Pandemic pressure and shifts in global markets have brought stiff challenges to the garment industry in Bangladesh. The sector will need to innovate, upgrade, and diversify, investing in flexibility, sustainability, worker welfare, and infrastructure.
As Bangladesh celebrates 50 years of independence, global attention is focused on the remarkable economic and social progress the country has achieved in recent decades. Even with the setbacks of the COVID-19 pandemic, the South Asian nation is on track to become a middle-income country within the next few years.
The ready-made garment (RMG) industry is a mainstay of this economic success story: Bangladesh is today one of the world’s largest garment exporters, with the RMG sector accounting for 84 percent of Bangladesh’s exports. This comes on the back of the sector’s rapid growth and modernization over the past decade—as well as the strides it has made in improving conditions for the country’s approximately four million garment workers. However, the pandemic has stalled the sector’s progress at a crucial moment, just as global shifts in fashion sourcing threaten Bangladesh’s position in industry supply chains.
Ten years ago, in 2011, we published our report, Bangladesh’s Ready-made Garments Landscape: The Challenge of Growth, for which we had collaborated with the Bangladesh German Chamber of Commerce and Industry. With this article we want to take stock of Bangladesh’s RMG sector—examining its growth to date, highlighting the big challenges it has navigated since then, and suggesting the transformative steps that are needed if the sector is to maintain and renew its economic vibrancy in the decade ahead. To support this stocktaking we have conducted a series of interviews with sourcing executives of leading global fashion brands and retailers.
From tragedy to transformation: Looking back at a decade of growth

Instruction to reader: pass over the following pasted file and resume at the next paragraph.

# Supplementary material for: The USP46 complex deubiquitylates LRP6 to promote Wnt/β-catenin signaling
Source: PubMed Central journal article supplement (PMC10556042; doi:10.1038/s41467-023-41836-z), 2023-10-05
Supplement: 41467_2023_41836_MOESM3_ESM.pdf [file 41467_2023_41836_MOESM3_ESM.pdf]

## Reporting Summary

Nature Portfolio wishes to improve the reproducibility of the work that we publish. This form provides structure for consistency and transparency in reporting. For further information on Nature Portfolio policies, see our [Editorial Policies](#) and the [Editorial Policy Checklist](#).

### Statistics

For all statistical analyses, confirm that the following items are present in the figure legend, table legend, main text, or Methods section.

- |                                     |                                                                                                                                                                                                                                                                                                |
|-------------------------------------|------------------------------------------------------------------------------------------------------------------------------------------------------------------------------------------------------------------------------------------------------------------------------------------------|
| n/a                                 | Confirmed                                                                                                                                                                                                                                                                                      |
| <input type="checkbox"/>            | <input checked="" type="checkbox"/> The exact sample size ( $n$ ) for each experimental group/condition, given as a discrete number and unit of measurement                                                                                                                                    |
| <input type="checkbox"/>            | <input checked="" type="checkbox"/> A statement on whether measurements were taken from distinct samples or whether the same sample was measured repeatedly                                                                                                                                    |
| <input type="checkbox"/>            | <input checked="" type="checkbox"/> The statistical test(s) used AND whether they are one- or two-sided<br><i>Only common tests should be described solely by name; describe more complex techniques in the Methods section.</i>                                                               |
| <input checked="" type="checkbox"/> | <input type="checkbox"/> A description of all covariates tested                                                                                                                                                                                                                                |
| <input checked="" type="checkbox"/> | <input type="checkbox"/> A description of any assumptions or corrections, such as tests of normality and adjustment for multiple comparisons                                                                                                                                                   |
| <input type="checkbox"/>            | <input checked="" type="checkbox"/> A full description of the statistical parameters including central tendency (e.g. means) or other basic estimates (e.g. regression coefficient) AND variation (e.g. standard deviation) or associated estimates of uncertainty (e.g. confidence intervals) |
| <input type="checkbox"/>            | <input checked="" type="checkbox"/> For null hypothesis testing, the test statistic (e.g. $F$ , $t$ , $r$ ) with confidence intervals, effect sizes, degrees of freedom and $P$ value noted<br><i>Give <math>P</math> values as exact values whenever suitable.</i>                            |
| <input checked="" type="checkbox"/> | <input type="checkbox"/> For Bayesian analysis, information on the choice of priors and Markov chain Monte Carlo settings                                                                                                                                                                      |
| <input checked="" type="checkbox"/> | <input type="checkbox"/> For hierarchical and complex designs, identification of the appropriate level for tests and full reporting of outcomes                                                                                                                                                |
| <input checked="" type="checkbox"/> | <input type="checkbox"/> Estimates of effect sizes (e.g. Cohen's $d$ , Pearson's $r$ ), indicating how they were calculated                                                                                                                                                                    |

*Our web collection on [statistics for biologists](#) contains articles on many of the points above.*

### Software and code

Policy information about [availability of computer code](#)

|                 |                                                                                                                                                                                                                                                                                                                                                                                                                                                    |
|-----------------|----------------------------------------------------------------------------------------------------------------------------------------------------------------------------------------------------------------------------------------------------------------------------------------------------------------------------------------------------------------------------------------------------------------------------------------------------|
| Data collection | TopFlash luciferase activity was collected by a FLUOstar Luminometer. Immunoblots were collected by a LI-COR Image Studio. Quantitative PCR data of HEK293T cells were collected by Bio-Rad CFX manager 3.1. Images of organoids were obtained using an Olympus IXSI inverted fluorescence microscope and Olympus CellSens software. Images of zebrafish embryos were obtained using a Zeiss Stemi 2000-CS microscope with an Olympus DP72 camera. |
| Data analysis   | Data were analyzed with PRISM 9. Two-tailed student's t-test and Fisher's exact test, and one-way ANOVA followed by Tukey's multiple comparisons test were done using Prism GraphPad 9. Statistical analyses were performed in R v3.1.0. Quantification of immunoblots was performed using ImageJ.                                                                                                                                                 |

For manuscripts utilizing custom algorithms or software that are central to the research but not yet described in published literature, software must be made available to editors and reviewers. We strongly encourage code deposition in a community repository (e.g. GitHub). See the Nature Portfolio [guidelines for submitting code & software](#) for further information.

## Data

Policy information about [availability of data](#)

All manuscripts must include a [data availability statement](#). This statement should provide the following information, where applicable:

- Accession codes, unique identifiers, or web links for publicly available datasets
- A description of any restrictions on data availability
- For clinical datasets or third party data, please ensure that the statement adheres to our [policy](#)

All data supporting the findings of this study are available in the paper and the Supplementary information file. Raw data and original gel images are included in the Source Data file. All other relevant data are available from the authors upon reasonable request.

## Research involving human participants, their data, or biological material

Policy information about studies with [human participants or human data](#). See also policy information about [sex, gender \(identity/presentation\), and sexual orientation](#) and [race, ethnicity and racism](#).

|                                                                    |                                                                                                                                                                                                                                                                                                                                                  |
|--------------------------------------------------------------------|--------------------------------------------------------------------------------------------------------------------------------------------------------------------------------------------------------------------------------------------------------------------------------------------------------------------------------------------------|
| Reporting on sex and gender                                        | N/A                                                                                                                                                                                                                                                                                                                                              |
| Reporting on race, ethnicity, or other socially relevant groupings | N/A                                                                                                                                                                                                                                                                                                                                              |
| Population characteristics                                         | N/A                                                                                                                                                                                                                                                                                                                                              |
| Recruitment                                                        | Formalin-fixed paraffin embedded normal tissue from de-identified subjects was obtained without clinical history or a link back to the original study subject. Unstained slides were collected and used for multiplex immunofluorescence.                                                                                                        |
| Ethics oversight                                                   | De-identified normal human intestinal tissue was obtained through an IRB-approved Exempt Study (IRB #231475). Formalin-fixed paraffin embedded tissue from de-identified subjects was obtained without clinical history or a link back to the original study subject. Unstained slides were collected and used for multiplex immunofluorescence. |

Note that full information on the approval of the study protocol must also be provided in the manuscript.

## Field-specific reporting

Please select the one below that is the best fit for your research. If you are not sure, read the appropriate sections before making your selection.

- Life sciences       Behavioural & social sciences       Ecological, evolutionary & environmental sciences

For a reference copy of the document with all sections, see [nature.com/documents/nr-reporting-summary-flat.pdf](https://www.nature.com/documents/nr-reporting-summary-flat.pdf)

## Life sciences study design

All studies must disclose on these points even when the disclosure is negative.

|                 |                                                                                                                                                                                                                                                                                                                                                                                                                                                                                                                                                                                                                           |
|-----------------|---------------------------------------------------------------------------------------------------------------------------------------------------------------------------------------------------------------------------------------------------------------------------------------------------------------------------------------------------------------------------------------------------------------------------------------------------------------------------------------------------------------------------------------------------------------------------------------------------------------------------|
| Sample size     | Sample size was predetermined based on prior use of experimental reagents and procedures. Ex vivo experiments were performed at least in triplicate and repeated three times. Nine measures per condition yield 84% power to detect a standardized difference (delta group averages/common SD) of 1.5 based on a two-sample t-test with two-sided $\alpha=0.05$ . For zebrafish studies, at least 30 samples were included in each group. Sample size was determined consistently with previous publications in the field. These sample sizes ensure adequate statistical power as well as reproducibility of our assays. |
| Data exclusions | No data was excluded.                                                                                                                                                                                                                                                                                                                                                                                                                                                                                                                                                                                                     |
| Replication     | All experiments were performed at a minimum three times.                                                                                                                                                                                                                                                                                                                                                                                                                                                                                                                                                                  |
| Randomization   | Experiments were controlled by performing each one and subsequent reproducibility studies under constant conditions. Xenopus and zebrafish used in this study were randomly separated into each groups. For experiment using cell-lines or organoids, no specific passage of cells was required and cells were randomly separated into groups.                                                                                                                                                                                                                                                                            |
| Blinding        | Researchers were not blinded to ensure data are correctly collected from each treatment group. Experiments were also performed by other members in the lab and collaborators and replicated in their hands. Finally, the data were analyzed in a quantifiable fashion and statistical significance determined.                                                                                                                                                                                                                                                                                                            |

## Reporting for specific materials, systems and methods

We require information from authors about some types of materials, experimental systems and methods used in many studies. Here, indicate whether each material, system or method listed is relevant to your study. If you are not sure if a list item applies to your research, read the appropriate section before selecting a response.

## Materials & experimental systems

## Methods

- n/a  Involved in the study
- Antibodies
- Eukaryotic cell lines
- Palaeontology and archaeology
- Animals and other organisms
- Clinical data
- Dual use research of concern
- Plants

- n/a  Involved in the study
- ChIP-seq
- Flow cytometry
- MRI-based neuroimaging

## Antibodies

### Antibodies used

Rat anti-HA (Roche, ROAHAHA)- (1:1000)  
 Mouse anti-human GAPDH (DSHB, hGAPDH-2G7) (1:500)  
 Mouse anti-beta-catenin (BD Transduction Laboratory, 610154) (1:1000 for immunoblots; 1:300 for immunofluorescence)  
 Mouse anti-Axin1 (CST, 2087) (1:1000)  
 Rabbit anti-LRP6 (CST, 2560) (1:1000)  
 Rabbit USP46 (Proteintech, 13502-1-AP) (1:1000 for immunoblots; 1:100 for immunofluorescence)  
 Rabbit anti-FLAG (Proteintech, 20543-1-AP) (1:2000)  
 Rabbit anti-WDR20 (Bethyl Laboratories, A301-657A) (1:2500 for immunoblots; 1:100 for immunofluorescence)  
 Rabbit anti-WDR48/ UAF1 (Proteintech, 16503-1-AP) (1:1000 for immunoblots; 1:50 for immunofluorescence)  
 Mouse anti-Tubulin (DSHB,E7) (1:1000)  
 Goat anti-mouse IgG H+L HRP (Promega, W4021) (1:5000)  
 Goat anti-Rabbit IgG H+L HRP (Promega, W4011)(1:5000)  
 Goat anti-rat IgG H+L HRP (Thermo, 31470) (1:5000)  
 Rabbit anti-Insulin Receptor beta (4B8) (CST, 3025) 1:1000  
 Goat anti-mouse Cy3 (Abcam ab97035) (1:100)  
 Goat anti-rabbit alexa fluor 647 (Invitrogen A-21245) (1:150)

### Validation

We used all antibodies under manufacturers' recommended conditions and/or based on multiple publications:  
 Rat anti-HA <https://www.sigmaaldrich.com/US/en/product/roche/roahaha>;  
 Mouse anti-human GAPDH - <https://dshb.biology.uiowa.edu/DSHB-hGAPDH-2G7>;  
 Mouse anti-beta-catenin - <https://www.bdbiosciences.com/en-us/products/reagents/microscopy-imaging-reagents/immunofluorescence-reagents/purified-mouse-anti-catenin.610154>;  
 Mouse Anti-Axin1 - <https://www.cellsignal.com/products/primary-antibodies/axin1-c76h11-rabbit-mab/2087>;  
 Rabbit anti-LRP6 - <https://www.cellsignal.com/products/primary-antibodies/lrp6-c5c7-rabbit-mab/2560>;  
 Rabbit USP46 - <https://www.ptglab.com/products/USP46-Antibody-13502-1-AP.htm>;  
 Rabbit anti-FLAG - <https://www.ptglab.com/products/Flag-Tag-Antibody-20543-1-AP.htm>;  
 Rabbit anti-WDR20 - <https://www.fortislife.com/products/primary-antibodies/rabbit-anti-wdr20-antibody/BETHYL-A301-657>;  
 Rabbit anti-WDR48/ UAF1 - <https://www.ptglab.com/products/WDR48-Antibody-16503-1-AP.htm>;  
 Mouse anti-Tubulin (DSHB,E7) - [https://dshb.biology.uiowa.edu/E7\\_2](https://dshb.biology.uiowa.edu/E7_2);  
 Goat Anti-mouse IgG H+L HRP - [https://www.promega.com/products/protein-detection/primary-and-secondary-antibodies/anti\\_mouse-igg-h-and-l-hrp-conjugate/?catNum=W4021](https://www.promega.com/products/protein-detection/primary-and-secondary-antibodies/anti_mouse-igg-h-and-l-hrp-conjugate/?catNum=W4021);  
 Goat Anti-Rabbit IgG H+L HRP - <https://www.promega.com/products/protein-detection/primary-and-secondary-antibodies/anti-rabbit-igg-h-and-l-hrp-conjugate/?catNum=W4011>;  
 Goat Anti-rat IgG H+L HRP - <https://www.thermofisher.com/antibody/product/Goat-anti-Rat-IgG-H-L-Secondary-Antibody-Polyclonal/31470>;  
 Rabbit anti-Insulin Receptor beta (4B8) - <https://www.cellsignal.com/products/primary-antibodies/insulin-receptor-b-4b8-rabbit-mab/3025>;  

The transformation of Bangladesh’s RMG sector over the past decade was catalyzed, in part, by a series of workplace tragedies that took the lives of more than 1,000 garment workers and made headlines around the world. The 2012 Tazreen factory fire and the 2013 Rana Plaza factory collapse highlighted massive problems in working conditions, led some international buyers to stop sourcing from Bangladesh, and prompted the United States to withdraw its preferential tariff agreement.
Today, Bangladesh’s RMG sector is a frontrunner in transparency regarding factory safety and value-chain responsibility, thanks to initiatives launched in the aftermath of the disasters—including the Accord on Fire and Building Safety in Bangladesh, the Alliance for Bangladesh Worker Safety, and the RMG Sustainability Council. These measures led to the closure of hundreds of unsafe, bottom-tier factories and the scaling-up of remediation activities in many others.
These steps helped restore Bangladesh’s attractiveness in the global apparel-sourcing market, leading to a decade of rapid growth. Ten years ago we forecasted a growth of 7 to 9 percent. Indeed RMG exports from Bangladesh more than doubled, from $14.6 billion in 2011 to $33.1 billion in 2019—a compound annual growth rate of 7 percent. (It is worth noting that this growth was within the range we forecast in our 2011 report, a collaboration with the Bangladesh German Chamber of Commerce and Industry.) Over this period, Bangladesh’s RMG industry increased its share of global garment exports from 4.7 to 6.7 percent. This is within the range we forecasted in our report, however it also shows that the country has not captured the full potential we had foreseen ten years ago.